The Importance of Rainforests and their Conservation

Across the world, rainforests are sanctuaries of Biodiversity. From Orangutans in the Bornean Rainforest to Jaguars and Anacondas in the Amazon, to Red Slender Lorises and Green Pit Vipers in our very own Sinharaja. This high level of species richness as well as the high level of genetic diversity within these populations means that rainforests are a cornerstone of global conservation efforts. In fact, it is reported that more than half of the world’s plant an animal species live within rainforests. These ecosystems also boast some of the highest levels of net primary productivity, this is the amount of solar energy converted into biomass by plants which is available to primary consumers. This goes to show that they are vital in both storing carbon through photosynthesis as well as in sustaining food chains and populations of many species.
In Sri Lanka, The Sinharaja Rainforest reserve is considered to be one of the last few patches of undisturbed tropical rainforest on the island, and has subsequently been designated a UNESCO World Heritage Site. This makes Sinharaja forest important both in terms of ecological and economic value, as well as in cultural significance.
60% of flora in the forest reserve is endemic to the island (UNESCO), this includes plants such as Championa reticulata, Schumacheria anguistolia and Exacum trinervium, commonly known as Binara. (6th National Report) Many of these endemic plant species possess medicinal properties, making the forest reserve extremely important to the advancement of both traditional and modern medicines.
Additionally, The Sinharaja Rainforest is also home to several species of Lichens; some of which have been discovered only recently and are therefore new to Sri Lanka, this includes species such as Astrothelium conjugatum, Porina monisillidiata, and megulatremis cylindrica (Weerakoon and Aptroot). Lichens aide in both decomposition and nitrogen fixation as part of the Nitrogen Cycle, and are therefore important parts of the ecosystem. Moreover, lichens are known to be extremely sensitive to atmospheric conditions and are therefore highly vulnerable to pollution.
Furthermore, several endemic and sometimes novel species of reptiles, amphibians, mammals, crustaceans, and insects have also been found to inhabit the historical forest reserve.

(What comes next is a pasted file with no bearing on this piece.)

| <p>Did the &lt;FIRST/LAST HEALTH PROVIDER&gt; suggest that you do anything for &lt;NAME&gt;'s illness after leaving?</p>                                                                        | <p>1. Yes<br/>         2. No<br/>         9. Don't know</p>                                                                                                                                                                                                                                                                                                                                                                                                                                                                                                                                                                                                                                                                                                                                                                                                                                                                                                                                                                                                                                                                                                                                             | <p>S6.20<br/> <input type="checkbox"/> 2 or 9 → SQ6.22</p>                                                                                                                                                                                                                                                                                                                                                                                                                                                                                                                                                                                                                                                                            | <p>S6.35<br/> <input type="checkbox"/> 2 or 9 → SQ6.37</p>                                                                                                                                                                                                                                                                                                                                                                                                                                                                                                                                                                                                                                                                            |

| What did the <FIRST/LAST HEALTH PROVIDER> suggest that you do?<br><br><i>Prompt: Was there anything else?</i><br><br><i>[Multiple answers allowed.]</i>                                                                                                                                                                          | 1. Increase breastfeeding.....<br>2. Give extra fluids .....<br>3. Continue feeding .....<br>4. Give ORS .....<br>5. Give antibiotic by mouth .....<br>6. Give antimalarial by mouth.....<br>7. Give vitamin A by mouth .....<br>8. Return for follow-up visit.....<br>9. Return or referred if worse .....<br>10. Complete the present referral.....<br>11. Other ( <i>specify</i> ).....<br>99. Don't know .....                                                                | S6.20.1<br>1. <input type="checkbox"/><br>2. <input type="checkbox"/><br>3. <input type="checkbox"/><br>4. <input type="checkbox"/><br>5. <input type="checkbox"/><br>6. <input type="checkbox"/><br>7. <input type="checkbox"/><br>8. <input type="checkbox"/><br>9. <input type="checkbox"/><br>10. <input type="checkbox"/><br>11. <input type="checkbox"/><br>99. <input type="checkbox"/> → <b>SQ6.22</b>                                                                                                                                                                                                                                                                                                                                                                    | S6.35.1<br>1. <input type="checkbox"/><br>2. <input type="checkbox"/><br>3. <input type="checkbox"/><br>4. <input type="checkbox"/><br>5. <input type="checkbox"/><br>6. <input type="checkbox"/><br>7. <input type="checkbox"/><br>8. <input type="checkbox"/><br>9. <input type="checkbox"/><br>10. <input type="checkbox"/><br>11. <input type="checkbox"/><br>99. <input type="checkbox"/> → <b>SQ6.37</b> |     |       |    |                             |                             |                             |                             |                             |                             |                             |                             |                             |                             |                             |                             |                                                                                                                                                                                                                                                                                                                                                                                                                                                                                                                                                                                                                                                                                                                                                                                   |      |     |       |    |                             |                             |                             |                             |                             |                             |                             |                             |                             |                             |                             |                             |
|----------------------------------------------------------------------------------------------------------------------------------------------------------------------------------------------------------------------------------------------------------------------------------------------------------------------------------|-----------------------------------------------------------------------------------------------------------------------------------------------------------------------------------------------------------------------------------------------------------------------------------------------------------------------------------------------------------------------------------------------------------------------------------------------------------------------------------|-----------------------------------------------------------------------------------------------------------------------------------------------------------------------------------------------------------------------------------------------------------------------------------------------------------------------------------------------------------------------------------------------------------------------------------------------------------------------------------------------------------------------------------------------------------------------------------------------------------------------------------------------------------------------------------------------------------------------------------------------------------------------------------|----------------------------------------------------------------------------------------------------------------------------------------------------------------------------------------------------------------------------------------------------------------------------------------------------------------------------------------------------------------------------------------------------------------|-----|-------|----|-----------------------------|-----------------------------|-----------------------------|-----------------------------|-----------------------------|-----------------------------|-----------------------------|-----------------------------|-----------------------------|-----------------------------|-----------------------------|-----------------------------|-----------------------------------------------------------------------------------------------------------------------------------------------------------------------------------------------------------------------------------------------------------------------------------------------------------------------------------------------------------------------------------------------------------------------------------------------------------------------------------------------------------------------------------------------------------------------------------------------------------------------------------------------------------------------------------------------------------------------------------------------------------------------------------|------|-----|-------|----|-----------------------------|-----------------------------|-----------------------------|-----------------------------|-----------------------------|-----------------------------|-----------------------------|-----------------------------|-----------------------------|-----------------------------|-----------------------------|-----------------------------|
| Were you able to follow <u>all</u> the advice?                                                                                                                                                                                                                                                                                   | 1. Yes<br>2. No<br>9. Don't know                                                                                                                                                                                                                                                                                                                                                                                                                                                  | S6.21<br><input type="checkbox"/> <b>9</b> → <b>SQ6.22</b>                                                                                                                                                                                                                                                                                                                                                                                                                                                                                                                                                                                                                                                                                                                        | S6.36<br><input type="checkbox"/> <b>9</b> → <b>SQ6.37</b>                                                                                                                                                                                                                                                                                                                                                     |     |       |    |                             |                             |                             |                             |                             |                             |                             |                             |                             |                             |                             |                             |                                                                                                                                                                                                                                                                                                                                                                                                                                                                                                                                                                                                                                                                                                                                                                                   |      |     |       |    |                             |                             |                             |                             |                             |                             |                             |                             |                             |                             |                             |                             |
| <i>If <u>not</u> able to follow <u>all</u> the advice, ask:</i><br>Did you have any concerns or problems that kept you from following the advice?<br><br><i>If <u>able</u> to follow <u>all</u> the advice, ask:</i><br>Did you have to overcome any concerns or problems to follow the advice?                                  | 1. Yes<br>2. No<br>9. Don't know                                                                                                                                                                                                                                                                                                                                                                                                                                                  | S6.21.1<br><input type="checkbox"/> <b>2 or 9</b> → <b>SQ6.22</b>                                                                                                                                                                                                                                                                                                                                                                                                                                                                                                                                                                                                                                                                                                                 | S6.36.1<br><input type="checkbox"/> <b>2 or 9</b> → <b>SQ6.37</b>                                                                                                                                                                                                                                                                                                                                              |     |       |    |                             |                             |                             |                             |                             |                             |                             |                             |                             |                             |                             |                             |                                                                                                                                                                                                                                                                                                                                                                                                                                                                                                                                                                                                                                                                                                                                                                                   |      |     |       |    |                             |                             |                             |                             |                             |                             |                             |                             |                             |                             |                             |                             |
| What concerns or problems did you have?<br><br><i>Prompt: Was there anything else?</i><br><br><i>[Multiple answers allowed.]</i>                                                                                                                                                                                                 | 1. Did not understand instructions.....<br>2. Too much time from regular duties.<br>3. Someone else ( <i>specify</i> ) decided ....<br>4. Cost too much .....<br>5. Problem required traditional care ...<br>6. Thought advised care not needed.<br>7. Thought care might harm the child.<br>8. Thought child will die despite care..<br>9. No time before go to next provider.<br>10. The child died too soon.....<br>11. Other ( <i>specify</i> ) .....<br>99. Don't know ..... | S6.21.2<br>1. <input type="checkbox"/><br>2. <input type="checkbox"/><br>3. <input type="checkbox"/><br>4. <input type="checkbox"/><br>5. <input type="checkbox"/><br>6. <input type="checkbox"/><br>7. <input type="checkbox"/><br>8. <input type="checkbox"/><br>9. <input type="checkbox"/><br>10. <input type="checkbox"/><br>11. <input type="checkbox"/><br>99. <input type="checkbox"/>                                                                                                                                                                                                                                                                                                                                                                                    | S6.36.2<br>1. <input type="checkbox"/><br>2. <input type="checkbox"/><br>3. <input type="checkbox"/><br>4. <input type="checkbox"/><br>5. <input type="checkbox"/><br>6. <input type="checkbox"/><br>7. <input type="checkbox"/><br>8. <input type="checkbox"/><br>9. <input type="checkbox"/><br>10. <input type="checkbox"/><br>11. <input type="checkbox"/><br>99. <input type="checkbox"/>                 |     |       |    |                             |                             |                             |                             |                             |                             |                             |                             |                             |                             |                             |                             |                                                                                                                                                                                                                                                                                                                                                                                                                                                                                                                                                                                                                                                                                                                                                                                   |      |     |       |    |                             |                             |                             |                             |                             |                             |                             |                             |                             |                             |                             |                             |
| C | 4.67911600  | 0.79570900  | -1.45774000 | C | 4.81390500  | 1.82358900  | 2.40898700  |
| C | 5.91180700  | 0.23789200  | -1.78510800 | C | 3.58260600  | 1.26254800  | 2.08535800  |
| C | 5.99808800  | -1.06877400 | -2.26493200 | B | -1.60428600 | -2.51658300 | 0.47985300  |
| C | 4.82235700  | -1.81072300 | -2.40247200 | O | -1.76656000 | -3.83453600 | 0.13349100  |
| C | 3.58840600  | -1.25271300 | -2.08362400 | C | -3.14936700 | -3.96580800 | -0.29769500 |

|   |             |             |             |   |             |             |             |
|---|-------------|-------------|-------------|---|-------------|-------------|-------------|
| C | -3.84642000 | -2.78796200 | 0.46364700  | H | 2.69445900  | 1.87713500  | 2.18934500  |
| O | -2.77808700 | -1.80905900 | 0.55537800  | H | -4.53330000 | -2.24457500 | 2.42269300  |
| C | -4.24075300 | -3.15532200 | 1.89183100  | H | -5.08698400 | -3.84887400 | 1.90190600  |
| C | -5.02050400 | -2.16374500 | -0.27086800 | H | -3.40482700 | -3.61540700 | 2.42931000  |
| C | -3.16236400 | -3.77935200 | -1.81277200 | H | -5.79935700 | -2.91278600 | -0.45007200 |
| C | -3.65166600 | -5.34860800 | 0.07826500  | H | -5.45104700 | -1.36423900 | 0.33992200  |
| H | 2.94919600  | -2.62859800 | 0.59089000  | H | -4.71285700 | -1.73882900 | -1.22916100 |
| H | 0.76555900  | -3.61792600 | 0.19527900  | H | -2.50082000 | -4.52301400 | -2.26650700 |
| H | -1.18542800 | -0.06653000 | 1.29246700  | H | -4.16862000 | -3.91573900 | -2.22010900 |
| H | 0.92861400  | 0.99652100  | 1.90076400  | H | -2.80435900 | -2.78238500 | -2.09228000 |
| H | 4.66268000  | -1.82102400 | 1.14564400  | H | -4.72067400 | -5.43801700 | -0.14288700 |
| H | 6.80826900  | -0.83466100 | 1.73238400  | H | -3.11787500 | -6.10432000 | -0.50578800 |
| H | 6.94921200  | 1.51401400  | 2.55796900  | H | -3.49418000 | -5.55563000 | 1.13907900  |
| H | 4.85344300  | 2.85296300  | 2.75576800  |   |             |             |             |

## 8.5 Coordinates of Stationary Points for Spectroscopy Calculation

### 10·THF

Rainforests are self-sustaining systems, with trees that grow recycling nutrients from decomposing materials on the forest floor. Therefore, the encroachment of forests and the felling of trees carry the risk of upsetting this system and therefore causing its potential collapse.
The loss of rainforests also means the loss of the vast variety of ecosystem services provided by them. This would mean the loss of provisioning services such as the provision of medicinal plants, regulating services such as carbon sequestration; the loss of which can exacerbate climate change greatly, cultural services; as many forests including the Sinharaja rainforest have important cultural and aesthetic significance, and supporting services such as the regulation of the water cycle; the loss of which can lead to desertification and crop failure. Losing these ecosystem services would be a threat to food security and could cause a rise in extreme weather events and natural disasters.
In Sri Lanka, as with many other rainforests such as the Amazon, the forest is also home to indigenous people. The Veddahs of Sri Lanka have coevolved with the rainforest ecosystem for thousands of years as hunter-gatherers, and have a very close and intertwined relationship with forest ecology. Destruction of the rainforest for shortsighted economic benefit would not only harm biodiversity, but would pose a threat to the livelihoods and cultures of these communities who are the original custodians of the forests.
The plethora of services offered by rainforests is a key reason why protecting them is of the utmost importance; and it is also why the theme for this year’s World Rainforest Day is “Forest Restoration; Path to Recovery”. Since the industrial revolution, humans have been cutting down massive swathes of forest for both economic activities and in order to feed an ever-growing population. By focusing on reforestation efforts, the current destructive trajectory of human civilization can be shifted, and we can move towards healing our relationship with nature, thereby averting a climate disaster.




UNESCO World Heritage. “Sinharaja Forest Reserve.” UNESCO World Heritage Centre,

Weerakoon, Gothamie, and André Aptroot. “Nine New Lichen Species and 64 New Records from Sri Lanka.” Phytotaxa, vol. 280, no. 2, 2016, p. 152., doi:10.11646/phytotaxa.280.2.5.

MoMD&E 2019 Biodiversity Profile – Sri Lanka, Sixth National Report to the Convention on Biological Diversity, Biodiversity Secretariat, Ministry of Mahaweli Development and Environment, Sri Lanka.

“Sustainable Development of Livelihood While Conserving Biodiversity and Heritage.” Dilmah Conservation | Conserving Sri Lankan Biodiversity & Heritage,


Written by: Zaydhameed Fajurdeen

Photo Credit: Zaineb Akbarally

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